Cold, damp weather blamed
Hiccups were blamed this time on the cold and damp Hong Kong weather.
On the second day of the overseas absentee voting here, the precinct count optical scan machines (PCOS) at the Bayanihan Kennedytown Center did not immediately accept the ballots from voters at Precincts 15 and 16 shortly after they reopened at 8 a.m. Sunday.
Inspection of the ballots showed no stray and ambiguous marks on the ballots that could result in their rejection by the PCOS machines.
At Precinct 16, a replacement machine was brought in after 45 minutes and worked well. But at Precinct 15, the two substitutes didn’t function, prompting technicians to reinstall the supposedly faulty equipment, which surprisingly operated without problems.
Within several hours, balloting in the two precincts went on smoothly, as it did elsewhere in the world since Saturday, when 589,000 overseas Filipinos began to cast their ballots a month before the actual polling in the Philippines.
Results from the overseas voting will be known after the May 10 balloting when the absentee votes will be counted simultaneously with those cast in the Philippines.
Officials of Smartmatic-TIM Corp. said initial findings pointed to the “combination of cold and humidity” in Hong Kong for the malfunctioning machine in Precincts 15 and 16. They expressed confidence that this would not happen in the Philippines.
The rooms where the machines were stored were “a little humid,” said Cesar Flores, president of Smartmatic Asia
, the Commission on Elections (Comelec) partner in the first nationwide automated elections in the Philippines.
The ballots, on the other hand, were placed in an air-conditioned room, which protected it from the humid weather. When they were brought outside, the “ballots expanded,” Flores said.
He said the machines had to be “acclimatized” to the varying room temperatures. “Let it warm up in an air-conditioned place.”
Henrietta de Villa, chair of the Parish Pastoral Council for Responsible Voting, said that she noticed that the ballots were slightly curled because of the moisture.
Flores said what happened in Hong Kong would not be repeated in the Philippines.
The PCOS machines are being used only in Hong Kong and Singapore, where there are a total of 127,000 voters.
In other countries, registered migrant workers will either personally cast their ballots at the nearest diplomatic post or mail ballot packets that had been sent to them.
In Hong Kong, voting is scheduled for 30 days until May 10, which exposes the machines and the ballots to varying temperatures.
In the Philippines, the balloting will only be held for a day.
“The ballots are vacuum-sealed. They will only be opened on Election Day. You don’t have the risk of moisture getting into the ballots,” Flores said.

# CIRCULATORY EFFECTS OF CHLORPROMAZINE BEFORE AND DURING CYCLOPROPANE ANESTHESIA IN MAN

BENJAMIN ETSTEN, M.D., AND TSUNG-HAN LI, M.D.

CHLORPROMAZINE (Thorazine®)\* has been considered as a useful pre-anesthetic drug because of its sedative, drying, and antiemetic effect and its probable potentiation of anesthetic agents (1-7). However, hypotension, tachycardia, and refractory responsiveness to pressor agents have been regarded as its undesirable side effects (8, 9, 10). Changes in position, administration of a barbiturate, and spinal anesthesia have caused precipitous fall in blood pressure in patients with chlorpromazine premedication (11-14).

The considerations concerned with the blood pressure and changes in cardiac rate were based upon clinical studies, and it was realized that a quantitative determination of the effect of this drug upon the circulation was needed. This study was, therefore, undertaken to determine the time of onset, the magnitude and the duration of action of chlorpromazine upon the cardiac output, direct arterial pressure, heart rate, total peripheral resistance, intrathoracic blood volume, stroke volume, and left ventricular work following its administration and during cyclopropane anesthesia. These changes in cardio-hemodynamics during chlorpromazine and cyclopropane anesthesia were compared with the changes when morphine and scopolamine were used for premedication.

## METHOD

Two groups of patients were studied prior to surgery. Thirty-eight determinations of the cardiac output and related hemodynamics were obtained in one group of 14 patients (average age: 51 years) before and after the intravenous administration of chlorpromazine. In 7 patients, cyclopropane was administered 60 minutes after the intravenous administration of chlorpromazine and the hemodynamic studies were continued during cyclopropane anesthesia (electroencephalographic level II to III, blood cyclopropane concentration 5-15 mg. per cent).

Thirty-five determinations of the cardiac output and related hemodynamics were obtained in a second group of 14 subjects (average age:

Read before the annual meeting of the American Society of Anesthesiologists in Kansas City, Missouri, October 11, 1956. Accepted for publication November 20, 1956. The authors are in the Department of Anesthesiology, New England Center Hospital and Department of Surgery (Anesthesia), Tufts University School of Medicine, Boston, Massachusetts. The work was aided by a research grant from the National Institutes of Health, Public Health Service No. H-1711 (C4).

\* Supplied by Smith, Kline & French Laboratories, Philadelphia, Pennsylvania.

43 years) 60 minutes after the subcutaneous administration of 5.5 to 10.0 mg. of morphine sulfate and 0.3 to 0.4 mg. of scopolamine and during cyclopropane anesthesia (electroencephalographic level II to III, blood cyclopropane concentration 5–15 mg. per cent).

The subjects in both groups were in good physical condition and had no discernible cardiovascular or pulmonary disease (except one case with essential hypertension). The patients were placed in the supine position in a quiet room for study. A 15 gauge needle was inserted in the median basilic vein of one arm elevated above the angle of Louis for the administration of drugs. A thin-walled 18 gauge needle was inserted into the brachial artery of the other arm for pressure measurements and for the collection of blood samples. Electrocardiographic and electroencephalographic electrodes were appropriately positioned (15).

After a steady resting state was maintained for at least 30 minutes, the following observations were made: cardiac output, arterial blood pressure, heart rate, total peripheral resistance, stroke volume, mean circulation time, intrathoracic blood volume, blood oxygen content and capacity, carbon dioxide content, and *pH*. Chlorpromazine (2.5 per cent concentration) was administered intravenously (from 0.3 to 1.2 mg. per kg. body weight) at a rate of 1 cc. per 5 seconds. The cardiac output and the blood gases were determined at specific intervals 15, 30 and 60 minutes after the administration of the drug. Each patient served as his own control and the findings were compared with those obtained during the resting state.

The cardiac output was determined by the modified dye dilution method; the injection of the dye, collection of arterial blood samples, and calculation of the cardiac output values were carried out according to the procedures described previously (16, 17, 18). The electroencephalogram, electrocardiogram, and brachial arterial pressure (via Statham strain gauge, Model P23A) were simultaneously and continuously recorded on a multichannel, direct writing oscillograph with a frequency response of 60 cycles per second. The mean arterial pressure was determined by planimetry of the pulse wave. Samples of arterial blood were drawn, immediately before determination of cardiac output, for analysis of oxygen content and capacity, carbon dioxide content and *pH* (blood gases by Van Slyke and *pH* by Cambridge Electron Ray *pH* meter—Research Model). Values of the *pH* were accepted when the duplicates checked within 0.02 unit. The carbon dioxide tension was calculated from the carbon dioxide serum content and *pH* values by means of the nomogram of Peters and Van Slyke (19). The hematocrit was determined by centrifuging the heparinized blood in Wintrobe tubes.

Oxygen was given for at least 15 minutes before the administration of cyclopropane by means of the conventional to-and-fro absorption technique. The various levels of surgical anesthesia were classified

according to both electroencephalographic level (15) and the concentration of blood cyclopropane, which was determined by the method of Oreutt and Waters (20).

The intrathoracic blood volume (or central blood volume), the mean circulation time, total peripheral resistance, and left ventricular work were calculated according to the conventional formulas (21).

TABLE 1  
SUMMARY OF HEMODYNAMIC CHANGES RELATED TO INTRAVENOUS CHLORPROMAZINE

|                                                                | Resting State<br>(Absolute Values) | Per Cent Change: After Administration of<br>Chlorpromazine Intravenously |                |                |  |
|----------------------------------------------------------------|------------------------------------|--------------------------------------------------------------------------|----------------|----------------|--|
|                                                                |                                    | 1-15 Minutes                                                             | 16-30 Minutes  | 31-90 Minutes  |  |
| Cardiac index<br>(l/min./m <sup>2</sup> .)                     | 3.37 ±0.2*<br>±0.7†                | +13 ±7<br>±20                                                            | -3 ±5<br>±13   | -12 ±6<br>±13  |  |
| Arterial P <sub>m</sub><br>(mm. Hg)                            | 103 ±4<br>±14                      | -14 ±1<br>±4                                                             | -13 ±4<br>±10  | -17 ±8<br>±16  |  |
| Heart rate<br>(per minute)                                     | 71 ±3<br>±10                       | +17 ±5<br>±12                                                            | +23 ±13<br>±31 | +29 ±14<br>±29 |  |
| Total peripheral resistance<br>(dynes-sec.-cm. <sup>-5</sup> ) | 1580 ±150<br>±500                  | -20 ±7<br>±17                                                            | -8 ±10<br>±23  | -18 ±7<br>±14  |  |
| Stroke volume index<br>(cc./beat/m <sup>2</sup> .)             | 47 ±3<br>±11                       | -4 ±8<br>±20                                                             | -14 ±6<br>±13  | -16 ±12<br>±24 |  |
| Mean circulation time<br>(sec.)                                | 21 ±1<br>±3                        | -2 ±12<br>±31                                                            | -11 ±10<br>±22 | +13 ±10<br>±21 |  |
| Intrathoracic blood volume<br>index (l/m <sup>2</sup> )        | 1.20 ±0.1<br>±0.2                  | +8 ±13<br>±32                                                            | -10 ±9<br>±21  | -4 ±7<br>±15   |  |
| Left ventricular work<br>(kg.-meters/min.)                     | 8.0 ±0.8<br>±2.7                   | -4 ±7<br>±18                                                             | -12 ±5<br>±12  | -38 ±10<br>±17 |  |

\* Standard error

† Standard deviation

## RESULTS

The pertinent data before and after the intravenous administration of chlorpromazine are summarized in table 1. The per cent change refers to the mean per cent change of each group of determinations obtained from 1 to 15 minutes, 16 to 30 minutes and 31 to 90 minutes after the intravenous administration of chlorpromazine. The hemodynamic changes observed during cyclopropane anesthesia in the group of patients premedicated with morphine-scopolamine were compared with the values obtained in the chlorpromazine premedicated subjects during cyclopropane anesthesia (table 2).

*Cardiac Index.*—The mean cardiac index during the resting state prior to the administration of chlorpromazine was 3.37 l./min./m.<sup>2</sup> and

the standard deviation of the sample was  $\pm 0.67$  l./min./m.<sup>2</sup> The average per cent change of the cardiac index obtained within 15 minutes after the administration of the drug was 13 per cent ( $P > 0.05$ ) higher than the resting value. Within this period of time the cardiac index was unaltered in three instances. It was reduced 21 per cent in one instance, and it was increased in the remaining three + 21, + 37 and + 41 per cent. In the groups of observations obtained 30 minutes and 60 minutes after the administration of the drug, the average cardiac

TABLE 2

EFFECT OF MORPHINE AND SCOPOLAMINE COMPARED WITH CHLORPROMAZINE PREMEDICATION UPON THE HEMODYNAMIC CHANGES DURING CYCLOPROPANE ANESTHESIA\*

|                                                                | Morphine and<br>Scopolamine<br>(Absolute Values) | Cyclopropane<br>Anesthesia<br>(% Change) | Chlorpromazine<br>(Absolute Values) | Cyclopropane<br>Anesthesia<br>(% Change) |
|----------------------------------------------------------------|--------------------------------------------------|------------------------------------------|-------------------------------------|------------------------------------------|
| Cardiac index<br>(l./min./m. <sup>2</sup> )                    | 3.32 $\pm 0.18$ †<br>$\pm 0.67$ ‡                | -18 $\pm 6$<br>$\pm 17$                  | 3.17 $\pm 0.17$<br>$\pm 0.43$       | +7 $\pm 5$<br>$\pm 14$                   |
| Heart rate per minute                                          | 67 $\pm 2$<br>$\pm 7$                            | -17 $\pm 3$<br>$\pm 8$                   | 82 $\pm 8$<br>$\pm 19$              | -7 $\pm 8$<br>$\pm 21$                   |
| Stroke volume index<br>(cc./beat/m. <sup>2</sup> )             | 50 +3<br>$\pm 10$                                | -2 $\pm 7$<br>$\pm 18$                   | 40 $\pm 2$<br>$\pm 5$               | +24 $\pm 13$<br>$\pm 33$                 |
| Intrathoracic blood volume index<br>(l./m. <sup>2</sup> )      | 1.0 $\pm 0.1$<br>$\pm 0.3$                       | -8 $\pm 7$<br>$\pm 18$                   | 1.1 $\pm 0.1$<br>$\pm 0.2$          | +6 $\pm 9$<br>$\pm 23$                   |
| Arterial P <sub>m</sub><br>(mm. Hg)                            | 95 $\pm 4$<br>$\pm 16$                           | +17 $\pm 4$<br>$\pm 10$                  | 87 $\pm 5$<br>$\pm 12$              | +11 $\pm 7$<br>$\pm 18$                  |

The weather in the Philippines is also dry and not humid like Hong Kong’s, he added.
Election Commissioner Gregorio Larrazabal said he was not alarmed by the breakdown of the machines. “We saw this happened and the backup kicked in right away,” he said.
“One good thing was that they were ready for contingency matters,” De Villa added.
Aside from the technical glitches, there were procedural complaints from voters who could not find their names in the computerized voter’s list.
De Villa said the special board of election inspectors had been directed to forward the names of these people to the Comelec to verify their delisting.
She noted similar complaints in previous elections, but that 90 percent of these voters were subsequently able to vote.
Voting in Hong Kong on the second day went on full blast. As of noon Sunday, around 1,300 Filipinos had voted. On Saturday, 997 people voted, according to the Department of Foreign Affairs (DFA).
The 20 precincts at the Bayanihan Kennedytown Center, where there are 20 poll precincts for the 96,000 voters, opened at 8 a.m. Sunday and the flow of Filipino voters steadily increased shortly after.
Hong Kong Consul General Claro Cristobal said he expected the number of voters to increase, pointing out that migrant workers in Hong Kong take the day off on Sunday.
The DFA said 4,141 Filipinos voted on the first day of the overseas absentee voting.
The department’s Overseas Absentee Voting Secretariat reported that as of 11:20 a.m. Sunday Manila time, the Philippine Consulate General in Hong Kong had the most number of votes cast.
The Philippine Embassy in London followed with 558 and then the Philippine Embassy in Riyadh with 266.
The other diplomatic offices with the highest turnouts were in Chicago, 242; Singapore, 218; Jeddah, 180; Berlin, 144; Madrid, 135; Bangkok, 118; and Barcelona, 117.
Comelec spokesperson James Jimenez said the poll body believed that some 60 to 70 percent of the overseas voters would cast their votes by May 10.
“There is really a lot of time for them to vote,” Jimenez said.
The DFA reported on the first Filipinos to vote in its various missions aboard but did not say whom they voted for.
Migrante, an organization of overseas Filipino workers, said that voting went smoothly in many Middle East missions.
“It started well and not so much hassles,” said John Leonard Monterona, a Migrante regional coordinator.
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